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Category Archives: lying

The More You Talk The Less They Listen

Do you notice that when you begin to talk, your teenager’s eyes glaze over?

And do you keep on talking?

It’s just soooo hard not to, right?

We just know that what we have to say is SO important. They need to hear it. And maybe…if we just say it one more time…or in a different way…they’ll get it/understand/change what they are doing. And yet…the more we talk, the less they seem to listen.

Think about it...By the time your kids are teenagers, how many things do you say to them that they have not heard from you…like a bazillion times already?

What is your goal when you talk to (lecture???) your teenager? Is it to get them to think or do what YOU want them to think or do?

OR do you want them to learn to think for themselves?

Sometimes we need to find out what kids already know, what they think, and how they came to those conclusions. The way to do that is to learn to ask questions…good questions. These are the kind of questions that come from “I’m curious about what you know and what you think. I don’t already know, but I’d like to.”

And then really listen to their answer.

The next question you ask should be to follow what they have said, not to try to lead them to a conclusion you want them to come to. This is a way that kids have an opportunity to explore their beliefs with you.

The main “rules” for asking questions are:

  1. If you know the answer, don’t ask the question. Don’t set kids up to lie to you by “giving them the opportunity to tell the truth.”  Most kids won’t, if they think they can get away with it. (This does not mean that you ignore something that they have done, just that you address the issue without asking if they did it.) “We agreed that you would come straight home after school today and you went to the mall instead. These are the consequences…” Rather than asking, “What did you do after school today?”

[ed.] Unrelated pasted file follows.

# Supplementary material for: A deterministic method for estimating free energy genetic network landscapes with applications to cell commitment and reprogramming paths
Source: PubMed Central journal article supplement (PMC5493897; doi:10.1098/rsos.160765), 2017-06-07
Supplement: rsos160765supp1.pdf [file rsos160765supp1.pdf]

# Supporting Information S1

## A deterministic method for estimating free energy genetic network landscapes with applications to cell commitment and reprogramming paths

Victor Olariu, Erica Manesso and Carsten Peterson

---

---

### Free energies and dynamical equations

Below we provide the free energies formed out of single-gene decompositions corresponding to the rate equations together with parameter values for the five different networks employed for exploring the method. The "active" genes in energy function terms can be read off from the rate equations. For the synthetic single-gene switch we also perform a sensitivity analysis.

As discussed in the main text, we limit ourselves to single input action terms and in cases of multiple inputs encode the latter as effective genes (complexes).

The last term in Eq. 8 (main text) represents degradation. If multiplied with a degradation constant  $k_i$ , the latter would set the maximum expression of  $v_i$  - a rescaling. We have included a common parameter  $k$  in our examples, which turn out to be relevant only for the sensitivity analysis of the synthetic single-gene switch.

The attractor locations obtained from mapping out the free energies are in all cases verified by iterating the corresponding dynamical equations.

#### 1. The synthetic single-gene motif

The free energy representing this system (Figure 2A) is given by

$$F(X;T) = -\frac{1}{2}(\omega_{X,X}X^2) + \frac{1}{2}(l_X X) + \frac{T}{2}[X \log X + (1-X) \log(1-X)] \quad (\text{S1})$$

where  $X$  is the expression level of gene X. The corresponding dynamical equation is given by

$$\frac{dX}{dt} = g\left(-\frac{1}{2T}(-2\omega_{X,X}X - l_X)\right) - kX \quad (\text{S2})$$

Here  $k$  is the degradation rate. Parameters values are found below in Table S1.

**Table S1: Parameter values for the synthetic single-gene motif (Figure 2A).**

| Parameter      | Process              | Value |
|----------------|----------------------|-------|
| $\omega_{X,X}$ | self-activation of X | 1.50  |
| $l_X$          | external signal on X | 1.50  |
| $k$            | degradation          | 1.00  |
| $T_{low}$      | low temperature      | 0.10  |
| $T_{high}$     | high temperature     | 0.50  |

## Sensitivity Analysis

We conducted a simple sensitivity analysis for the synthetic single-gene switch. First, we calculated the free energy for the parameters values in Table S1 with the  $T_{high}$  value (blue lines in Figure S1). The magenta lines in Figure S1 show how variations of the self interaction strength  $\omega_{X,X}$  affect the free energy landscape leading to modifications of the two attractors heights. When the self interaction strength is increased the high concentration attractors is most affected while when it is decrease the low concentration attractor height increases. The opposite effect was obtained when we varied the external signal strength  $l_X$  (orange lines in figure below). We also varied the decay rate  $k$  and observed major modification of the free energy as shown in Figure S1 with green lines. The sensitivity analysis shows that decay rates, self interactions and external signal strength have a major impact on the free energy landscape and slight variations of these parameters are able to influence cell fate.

2. Stay curious. Don’t assume you know their answer. Don’t have an answer that you want them to give you. The point of asking questions is to get information– NOT to quiz them to see if they have listened to you and can remember something that you have told them.
Asking questions is so that you can learn how your teenager perceives the world. You can give them the gift of learning how to think…not just what to think.

So take the time to find out what your kids think, or know…or think they know. If you do this well, I guarantee it will be interesting.

(Next week we will talk about how to ask those REALLY GOOD questions so that your kids will talk to you.)

Want more tips and ideas? Check out “Upcoming Workshops” or “Problems with your teen?”

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How to deal with “lying” and create a larger circle of support for your kids

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Lying is a common problem that comes up for parents. The thing that’s really soooo bad about lying is that it destroys trust. We lose the ability to trust what they tell us. It also undermines the “moral” character that we are trying to instill.